The value of your pension is affected by the value of the assets it’s invested in. Your pension will rise and fall in line with fluctuations which can be caused by things such as interest rate changes, political events and economic news at home and abroad.

What is the maximum amount I can pay into my pension each year (annual allowance)?

For most people the maximum amount you can put in your pension per year (as of Tax Year 2020/21) is set at £40,000 and this is known as the Annual Allowance. The Annual Allowance is the limit the Government places on pension savings you and your employer can make each year before a tax charge applies that wipes out some of the tax benefits. In certain circumstances, this allowance may be reduced, for instance if you’re 55 or over and have started to take your benefits on a flexible basis. In this instance, a lower limit called Money Purchase Annual Allowance (MPAA) may apply. For high earners, a lower limit called the Tapered Annual Allowance (TAA) may apply. You can find out if either of these affect you by visiting the HMRC website. If you don’t use all the allowance in one tax year, you can normally carry it forward for up to three tax years. Please note that tax rules may change.

Tapered annual allowance factsheet

Money purchase annual allowance factsheet

What is the lifetime allowance?

The Lifetime Allowance is the maximum amount that you can take from your pension pots without paying any additional tax charges. The current limit is £1,073,100 (tax year 2020/21).

Understanding more about your existing pension

If you have been saving for some time or have multiple pension pots, check out our most frequently answered questions below.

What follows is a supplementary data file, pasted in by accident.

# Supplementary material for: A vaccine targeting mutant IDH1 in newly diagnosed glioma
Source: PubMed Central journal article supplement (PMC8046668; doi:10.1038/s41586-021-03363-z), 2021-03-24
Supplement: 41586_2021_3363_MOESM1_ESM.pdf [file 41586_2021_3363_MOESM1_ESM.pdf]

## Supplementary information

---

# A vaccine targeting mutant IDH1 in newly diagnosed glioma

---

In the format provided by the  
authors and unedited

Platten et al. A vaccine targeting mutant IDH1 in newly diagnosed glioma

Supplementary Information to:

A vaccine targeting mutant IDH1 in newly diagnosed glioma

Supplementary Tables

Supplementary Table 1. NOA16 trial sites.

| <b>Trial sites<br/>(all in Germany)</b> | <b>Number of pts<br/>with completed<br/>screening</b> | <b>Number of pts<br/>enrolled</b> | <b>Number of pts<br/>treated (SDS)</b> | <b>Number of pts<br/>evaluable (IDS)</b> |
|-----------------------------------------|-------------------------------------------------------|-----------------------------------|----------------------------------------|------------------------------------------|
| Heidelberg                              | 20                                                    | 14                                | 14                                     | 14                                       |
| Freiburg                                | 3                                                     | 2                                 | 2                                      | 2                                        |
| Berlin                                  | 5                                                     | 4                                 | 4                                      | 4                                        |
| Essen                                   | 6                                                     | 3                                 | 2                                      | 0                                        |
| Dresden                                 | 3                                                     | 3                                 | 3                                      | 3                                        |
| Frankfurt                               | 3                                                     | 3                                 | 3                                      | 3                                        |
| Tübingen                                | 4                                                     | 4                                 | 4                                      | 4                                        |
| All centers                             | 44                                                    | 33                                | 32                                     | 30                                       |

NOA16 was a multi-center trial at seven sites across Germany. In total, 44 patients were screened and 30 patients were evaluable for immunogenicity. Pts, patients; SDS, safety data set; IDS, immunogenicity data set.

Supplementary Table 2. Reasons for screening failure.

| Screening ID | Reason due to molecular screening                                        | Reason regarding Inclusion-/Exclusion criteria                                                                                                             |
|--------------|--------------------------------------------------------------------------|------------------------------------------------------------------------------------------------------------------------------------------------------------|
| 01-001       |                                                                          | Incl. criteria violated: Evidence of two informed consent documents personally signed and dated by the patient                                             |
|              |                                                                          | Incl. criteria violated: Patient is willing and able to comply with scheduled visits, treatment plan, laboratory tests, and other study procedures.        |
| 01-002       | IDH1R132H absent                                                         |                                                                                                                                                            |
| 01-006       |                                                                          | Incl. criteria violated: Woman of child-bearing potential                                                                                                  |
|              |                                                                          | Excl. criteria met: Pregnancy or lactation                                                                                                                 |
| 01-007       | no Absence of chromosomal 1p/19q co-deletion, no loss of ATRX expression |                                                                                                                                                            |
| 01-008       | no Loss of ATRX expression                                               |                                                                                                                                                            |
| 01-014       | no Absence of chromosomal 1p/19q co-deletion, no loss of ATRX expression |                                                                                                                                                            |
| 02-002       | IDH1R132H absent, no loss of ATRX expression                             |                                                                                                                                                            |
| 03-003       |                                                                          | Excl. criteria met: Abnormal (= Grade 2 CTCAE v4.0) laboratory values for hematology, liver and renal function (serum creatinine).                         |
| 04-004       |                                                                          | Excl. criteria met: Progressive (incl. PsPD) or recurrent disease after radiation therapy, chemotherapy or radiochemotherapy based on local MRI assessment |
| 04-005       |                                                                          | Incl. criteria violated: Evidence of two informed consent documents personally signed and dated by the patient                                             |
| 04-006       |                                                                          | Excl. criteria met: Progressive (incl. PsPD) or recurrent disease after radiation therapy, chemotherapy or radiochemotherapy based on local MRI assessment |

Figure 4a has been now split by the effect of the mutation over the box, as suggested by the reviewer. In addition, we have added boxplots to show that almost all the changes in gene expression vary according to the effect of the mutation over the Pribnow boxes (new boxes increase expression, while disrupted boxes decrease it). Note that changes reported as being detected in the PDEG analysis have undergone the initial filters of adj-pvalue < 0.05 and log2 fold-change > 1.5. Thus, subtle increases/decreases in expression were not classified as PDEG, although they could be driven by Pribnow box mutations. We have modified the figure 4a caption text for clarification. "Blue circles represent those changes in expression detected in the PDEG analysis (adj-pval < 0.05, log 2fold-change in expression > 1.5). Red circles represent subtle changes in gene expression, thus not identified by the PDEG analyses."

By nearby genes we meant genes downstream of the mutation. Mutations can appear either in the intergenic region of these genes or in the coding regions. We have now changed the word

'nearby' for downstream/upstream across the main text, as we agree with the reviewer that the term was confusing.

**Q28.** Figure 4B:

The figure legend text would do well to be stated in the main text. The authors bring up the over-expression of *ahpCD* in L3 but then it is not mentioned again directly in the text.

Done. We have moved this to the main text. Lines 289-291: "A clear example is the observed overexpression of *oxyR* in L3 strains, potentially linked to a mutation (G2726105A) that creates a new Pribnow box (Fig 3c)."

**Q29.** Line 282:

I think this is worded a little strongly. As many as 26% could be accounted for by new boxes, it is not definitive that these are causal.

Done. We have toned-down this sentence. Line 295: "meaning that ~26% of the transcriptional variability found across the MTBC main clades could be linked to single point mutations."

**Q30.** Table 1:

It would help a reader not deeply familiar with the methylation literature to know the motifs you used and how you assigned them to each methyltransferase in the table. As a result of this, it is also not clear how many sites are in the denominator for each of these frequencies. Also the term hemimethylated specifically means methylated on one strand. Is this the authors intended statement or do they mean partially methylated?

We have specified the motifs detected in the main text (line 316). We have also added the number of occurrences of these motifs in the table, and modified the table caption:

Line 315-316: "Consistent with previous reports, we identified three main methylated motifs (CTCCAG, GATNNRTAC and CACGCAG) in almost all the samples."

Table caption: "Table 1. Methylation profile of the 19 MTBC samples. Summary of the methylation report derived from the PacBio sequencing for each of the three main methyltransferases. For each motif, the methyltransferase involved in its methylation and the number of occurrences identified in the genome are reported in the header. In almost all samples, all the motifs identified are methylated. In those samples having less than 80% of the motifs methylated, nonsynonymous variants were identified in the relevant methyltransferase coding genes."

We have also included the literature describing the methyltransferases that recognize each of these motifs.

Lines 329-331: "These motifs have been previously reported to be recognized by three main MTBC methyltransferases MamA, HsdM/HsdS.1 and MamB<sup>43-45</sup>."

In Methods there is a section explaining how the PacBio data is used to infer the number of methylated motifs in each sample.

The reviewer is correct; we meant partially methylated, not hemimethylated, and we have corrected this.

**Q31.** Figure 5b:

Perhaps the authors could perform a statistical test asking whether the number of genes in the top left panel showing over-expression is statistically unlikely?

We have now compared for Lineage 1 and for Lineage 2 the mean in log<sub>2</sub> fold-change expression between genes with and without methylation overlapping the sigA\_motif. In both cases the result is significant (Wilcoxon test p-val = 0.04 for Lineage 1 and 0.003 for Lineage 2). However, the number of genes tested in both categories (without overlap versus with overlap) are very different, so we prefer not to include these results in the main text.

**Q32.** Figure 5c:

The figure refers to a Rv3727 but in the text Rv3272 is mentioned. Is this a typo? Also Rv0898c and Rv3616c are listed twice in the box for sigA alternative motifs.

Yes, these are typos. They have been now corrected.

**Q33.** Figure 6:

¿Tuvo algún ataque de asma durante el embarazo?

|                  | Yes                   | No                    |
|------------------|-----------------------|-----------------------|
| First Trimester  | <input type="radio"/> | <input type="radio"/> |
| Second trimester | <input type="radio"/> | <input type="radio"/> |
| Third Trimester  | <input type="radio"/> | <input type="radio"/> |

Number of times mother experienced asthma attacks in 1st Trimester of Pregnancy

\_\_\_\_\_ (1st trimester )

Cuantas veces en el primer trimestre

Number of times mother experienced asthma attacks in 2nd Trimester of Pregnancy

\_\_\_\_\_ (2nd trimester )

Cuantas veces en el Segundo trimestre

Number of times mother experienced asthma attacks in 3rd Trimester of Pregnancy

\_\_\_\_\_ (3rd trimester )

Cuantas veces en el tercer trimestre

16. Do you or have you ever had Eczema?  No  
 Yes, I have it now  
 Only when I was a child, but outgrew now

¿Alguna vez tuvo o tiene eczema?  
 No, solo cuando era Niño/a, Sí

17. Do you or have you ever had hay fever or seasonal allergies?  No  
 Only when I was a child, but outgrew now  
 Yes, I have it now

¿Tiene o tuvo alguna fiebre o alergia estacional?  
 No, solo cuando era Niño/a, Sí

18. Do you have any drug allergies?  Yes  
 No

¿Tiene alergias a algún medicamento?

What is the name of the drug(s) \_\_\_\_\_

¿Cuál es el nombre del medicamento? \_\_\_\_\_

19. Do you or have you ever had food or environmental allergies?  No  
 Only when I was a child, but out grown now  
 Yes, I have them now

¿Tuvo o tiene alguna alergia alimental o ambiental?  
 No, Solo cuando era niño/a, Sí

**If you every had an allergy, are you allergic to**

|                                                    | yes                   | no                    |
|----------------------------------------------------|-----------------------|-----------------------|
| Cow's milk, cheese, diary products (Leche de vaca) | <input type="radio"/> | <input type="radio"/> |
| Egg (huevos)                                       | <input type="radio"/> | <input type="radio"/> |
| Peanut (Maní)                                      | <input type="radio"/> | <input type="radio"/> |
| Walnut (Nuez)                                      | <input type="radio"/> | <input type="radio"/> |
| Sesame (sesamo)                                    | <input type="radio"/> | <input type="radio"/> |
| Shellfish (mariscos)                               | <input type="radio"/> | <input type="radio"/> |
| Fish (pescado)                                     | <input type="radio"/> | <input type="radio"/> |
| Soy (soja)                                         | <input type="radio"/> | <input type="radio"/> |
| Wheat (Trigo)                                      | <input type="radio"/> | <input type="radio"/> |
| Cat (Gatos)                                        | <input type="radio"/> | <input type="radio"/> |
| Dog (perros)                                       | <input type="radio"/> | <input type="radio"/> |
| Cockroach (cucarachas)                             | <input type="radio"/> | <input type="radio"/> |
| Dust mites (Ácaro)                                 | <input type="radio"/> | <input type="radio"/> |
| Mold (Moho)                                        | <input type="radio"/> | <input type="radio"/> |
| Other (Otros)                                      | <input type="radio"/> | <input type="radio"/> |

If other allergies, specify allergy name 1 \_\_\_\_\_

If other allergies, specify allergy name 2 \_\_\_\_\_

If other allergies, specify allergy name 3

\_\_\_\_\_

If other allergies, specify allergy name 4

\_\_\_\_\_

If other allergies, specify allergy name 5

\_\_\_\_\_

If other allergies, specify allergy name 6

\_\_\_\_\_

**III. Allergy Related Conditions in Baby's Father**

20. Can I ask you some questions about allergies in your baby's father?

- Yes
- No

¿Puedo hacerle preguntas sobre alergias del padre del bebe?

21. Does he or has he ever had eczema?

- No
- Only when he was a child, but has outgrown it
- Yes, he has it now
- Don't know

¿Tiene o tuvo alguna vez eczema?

I've got lots of pensions from different employers. Can I combine them?

Yes, depending on the types of pension pots you have, you may be able to transfer all of them into your Scottish Widow pension.

Before combining your pots you should consider whether it’s right for you.

Transferring pensions

If I change jobs, do I lose my pension?

No, your pension remains with you regardless of the job you have. It’s worth keeping track of where all your pensions are and you may like to combine them into one depending on the type of pension(s) you have.

How do I find a lost pension?

If you’ve lost track of your pension, you can try the Government pension tracking service at This is a free service and they will be able to provide you with the address of your scheme provider, if they have a record of them. Alternatively, you can contact them by phone or by post.

Thinking about retiring

If you’re approaching retirement, it’s helpful to know as much as you can about your next steps. Below you can find our most frequently asked questions about the stage you’re at.

What age can I take my pension?

You can normally start taking pension benefits from age 55. In certain circumstances, you may be able to start earlier, for example if you’re in ill health. You don’t have to stop working to access your pension, however bear in mind your pension counts as income so when added to your earnings, it may mean paying more income tax.

What are my pension options?

There are four main options when it comes to deciding what to do with your pension and it’s really worth comparing the features and benefits of each.

Pension options